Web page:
It was Mother’s Day, Day 7 of it all, Day 7 since Timothy Bosma left his Hamilton home for a quick test drive of his truck with a couple of strangers and then vanished. And it was my girls who prayed for him.
‘Dear Jesus,’ Liz said.
We were on the 401, in the van, in the busyness of the day, and from her back-seat nine-year-old Liz prayed what many of us are praying day-by-day: ‘Take away Sharlene’s loneliness. And make her feel loved. And help us find Tim.’
And then later that night, sometime after Tim’s own mother had given her impassioned public plea, in our living room was a picture of Tim’s wife, Sharlene, broken hearted, teary-eyed, shaken to her core and yet resolute. It was in the newspaper that was spread on the coffee table. And then it was little Hannah, all of 7, a Ugandan orphan adopted into our family, who, just before her bedtime, gently started her prayer the same way: ‘Dear Jesus.’
Not God, Not Father way up in heaven. Not even Lord. It was Jesus. Dear Jesus.
This is the name that children have an easy time with, a matter-of-fact way of getting out, a name that makes plenty of grown-ups embarrassed and squeamish, but one that, to a child, is the name of a friend who, after all, had once said to his stuffy handlers, ‘No, let them come, let the children come to see me, for Heaven’s sake, people, let them all come.’
‘No, don’t’ discourage the children,’ is what Jesus said. ‘For the Kingdom of Heaven is made up of these. Don’t discourage their questions, foolish as they may seem. Don’t discourage their presence, bothersome as it can feel. Don’t discourage their little childish prayers, for faith even as tiny as a mustard seed can say to a mountain ‘it’s time to move now,’ and that mountain will get up and jump in a lake.’
No wonder that, to a child, Jesus is much more than just God. He’s the friend who is always happy to see you, the friend will always laugh at your jokes and listen to your stories and raise his eyebrows when you tell him what happened next, and maybe even get on all fours to play a game of marbles if you ask in the right way.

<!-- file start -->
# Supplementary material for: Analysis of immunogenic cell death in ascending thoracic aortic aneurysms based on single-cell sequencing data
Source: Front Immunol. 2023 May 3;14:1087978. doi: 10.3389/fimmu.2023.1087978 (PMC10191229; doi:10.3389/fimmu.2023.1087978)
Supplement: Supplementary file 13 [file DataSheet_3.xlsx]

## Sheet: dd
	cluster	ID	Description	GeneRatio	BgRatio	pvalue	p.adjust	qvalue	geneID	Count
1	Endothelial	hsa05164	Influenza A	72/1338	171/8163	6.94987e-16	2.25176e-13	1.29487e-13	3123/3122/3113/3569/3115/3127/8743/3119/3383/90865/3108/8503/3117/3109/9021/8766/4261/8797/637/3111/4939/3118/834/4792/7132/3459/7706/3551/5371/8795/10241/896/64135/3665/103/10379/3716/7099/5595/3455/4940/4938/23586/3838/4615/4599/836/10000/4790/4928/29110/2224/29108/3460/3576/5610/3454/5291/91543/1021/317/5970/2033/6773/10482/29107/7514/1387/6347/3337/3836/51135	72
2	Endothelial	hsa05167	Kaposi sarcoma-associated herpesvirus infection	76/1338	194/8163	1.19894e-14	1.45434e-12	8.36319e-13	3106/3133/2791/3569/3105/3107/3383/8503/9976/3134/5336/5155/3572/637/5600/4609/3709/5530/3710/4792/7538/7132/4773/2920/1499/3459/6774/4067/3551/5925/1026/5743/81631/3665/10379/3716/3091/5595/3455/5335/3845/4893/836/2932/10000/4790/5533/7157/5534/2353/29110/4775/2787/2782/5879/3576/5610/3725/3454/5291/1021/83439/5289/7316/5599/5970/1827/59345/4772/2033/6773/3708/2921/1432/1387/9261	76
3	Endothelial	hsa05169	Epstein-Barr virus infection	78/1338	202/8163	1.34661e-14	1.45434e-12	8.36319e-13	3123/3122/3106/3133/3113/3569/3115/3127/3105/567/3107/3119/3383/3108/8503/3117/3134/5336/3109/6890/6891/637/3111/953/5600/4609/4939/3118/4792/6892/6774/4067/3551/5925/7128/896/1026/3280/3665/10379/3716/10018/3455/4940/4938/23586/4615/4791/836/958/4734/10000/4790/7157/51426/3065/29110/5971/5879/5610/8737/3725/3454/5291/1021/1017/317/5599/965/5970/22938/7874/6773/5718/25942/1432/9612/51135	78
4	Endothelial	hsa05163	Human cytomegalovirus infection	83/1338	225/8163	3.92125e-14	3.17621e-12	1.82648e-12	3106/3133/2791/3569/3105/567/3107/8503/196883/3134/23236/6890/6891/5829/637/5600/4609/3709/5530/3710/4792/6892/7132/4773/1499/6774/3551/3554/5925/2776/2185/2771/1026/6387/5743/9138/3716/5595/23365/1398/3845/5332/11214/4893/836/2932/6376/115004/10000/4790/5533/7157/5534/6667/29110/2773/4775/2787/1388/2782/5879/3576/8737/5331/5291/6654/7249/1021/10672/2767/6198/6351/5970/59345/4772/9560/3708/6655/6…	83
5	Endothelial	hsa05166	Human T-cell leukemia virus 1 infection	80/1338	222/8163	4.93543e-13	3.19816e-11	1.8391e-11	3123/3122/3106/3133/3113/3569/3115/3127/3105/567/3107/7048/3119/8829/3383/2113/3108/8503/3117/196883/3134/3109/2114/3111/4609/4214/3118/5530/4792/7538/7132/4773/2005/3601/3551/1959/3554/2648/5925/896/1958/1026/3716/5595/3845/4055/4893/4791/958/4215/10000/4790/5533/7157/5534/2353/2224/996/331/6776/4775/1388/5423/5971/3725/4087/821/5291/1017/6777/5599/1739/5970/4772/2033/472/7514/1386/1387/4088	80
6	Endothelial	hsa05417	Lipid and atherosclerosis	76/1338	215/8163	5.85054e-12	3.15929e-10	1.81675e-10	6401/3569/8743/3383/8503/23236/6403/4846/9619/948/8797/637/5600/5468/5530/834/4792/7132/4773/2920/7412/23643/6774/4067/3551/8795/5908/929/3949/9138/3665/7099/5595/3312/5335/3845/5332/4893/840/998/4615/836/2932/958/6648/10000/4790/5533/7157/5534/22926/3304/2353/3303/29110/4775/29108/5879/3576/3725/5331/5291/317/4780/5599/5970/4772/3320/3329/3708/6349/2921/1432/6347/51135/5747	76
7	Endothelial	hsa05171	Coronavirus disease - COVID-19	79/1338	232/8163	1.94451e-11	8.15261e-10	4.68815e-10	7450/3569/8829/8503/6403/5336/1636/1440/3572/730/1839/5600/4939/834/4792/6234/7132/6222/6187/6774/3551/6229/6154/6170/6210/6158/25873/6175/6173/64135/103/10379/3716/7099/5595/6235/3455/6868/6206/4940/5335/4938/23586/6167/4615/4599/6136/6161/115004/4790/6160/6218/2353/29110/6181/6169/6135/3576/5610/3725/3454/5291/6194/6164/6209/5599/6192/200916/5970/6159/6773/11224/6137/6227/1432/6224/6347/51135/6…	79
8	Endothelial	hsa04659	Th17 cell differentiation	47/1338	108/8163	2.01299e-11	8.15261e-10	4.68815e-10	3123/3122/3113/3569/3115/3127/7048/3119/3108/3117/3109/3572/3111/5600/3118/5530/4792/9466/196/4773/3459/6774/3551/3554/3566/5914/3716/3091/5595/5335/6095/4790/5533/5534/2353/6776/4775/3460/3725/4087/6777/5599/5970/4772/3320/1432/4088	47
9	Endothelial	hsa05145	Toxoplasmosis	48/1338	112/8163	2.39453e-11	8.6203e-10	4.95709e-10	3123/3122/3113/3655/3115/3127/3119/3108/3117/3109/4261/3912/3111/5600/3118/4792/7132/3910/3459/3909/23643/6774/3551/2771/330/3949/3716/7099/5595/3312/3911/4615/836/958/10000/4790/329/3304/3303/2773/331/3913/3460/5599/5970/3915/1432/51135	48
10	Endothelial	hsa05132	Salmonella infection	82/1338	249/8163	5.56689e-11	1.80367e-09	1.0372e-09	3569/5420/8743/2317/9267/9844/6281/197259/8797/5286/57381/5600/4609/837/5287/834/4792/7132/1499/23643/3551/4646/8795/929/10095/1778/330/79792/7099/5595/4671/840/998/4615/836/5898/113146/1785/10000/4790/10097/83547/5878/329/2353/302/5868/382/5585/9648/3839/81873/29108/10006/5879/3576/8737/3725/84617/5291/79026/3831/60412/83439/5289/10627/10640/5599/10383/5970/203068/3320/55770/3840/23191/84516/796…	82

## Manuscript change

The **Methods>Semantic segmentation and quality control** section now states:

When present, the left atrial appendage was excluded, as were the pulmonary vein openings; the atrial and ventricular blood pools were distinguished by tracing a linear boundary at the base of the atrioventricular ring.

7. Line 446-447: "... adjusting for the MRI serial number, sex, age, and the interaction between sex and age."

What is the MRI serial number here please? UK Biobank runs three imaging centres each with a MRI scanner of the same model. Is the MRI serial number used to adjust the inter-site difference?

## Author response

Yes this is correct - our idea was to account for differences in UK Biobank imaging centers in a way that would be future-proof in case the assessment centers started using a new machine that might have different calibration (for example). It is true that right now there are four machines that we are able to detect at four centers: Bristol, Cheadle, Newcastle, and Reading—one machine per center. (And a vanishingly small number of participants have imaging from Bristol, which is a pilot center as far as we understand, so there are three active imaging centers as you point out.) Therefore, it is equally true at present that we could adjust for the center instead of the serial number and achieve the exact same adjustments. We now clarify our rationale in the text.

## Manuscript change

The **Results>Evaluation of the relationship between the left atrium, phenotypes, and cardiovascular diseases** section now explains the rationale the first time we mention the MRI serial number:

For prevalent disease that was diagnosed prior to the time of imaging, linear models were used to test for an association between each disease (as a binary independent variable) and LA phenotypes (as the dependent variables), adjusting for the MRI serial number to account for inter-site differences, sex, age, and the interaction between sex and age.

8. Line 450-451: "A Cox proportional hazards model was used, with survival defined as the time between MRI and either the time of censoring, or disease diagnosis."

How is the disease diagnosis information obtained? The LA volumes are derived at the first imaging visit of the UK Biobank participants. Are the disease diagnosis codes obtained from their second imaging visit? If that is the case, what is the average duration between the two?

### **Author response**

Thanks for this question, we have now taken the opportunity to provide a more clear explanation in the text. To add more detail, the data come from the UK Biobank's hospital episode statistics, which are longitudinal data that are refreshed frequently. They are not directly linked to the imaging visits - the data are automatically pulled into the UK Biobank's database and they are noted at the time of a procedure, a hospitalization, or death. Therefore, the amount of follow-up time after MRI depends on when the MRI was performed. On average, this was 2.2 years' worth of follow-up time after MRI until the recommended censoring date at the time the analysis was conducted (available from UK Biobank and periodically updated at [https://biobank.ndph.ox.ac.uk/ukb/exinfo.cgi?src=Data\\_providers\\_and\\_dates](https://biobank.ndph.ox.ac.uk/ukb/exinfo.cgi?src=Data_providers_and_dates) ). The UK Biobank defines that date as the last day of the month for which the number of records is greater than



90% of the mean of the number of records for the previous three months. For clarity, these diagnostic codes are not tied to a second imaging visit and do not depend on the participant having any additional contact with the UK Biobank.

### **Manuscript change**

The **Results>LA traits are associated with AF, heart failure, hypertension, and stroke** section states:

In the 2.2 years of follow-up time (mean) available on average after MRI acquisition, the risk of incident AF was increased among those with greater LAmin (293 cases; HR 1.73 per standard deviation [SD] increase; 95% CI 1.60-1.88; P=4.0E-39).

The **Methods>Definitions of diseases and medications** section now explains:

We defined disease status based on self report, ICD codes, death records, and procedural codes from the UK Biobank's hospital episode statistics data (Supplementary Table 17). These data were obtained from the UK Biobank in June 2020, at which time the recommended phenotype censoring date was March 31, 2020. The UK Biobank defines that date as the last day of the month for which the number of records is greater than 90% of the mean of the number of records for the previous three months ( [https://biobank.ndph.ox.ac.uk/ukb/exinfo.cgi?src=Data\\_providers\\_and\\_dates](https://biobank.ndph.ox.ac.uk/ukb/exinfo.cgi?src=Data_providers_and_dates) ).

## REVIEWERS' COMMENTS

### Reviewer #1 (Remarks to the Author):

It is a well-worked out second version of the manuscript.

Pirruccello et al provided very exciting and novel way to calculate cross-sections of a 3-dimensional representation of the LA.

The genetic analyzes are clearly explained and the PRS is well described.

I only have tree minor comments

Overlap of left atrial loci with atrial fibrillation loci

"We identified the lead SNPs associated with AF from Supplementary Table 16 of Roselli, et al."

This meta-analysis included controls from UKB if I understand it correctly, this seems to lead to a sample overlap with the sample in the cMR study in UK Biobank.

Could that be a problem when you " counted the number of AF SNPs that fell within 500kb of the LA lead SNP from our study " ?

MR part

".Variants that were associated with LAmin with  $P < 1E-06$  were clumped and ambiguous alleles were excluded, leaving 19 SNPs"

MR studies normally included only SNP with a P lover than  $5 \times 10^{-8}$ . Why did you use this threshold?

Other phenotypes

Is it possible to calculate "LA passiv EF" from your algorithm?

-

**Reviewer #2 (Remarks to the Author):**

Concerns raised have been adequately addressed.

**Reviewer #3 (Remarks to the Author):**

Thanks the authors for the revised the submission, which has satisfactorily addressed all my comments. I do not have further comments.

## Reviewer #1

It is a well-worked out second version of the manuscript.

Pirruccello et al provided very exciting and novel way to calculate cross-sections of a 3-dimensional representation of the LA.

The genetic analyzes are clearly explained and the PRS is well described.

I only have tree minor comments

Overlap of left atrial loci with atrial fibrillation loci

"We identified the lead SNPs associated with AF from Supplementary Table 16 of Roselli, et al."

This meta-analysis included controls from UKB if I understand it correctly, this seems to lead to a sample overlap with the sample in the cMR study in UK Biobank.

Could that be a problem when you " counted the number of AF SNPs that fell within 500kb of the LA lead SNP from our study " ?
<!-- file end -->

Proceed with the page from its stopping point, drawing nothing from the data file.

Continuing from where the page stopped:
And when something has happened, when something terrible has happened, he’s the one who, more than anyone, will let you get it all out: all the blubbering and tears, all the pent up anger at the injustice of it all, all the bewilderment about what in the world to do now.
He’ll listen to your every word and he’ll let you squeeze his hand while you’re standing there telling all. And even though you heard that Jesus never had a family of his own, you get the feeling that he’s closer than any father, or, strangely enough, any mother could ever be.
You also get the feeling that he knew everything even before you told him, but he would never let on because he really is that interested in listening to you explain everything in your own words.
Oh, dear Jesus.
And after you have put everything out in the open, even though what is broken is still lying at your feet, and you still have no idea what’s going to come of it all, you feel better for just sharing.
This is it. This is the prayer of a child. ‘Dear Jesus …’
‘Dear Jesus. Please help Tim, wherever he is. Help Sharlene, however heart-broken she is. Help their little girl, for she needs a Daddy. And Tim’s mother. This is all we ask. Help them all. And help us too. Help us through all this to somehow grow young, to grow into childhood.’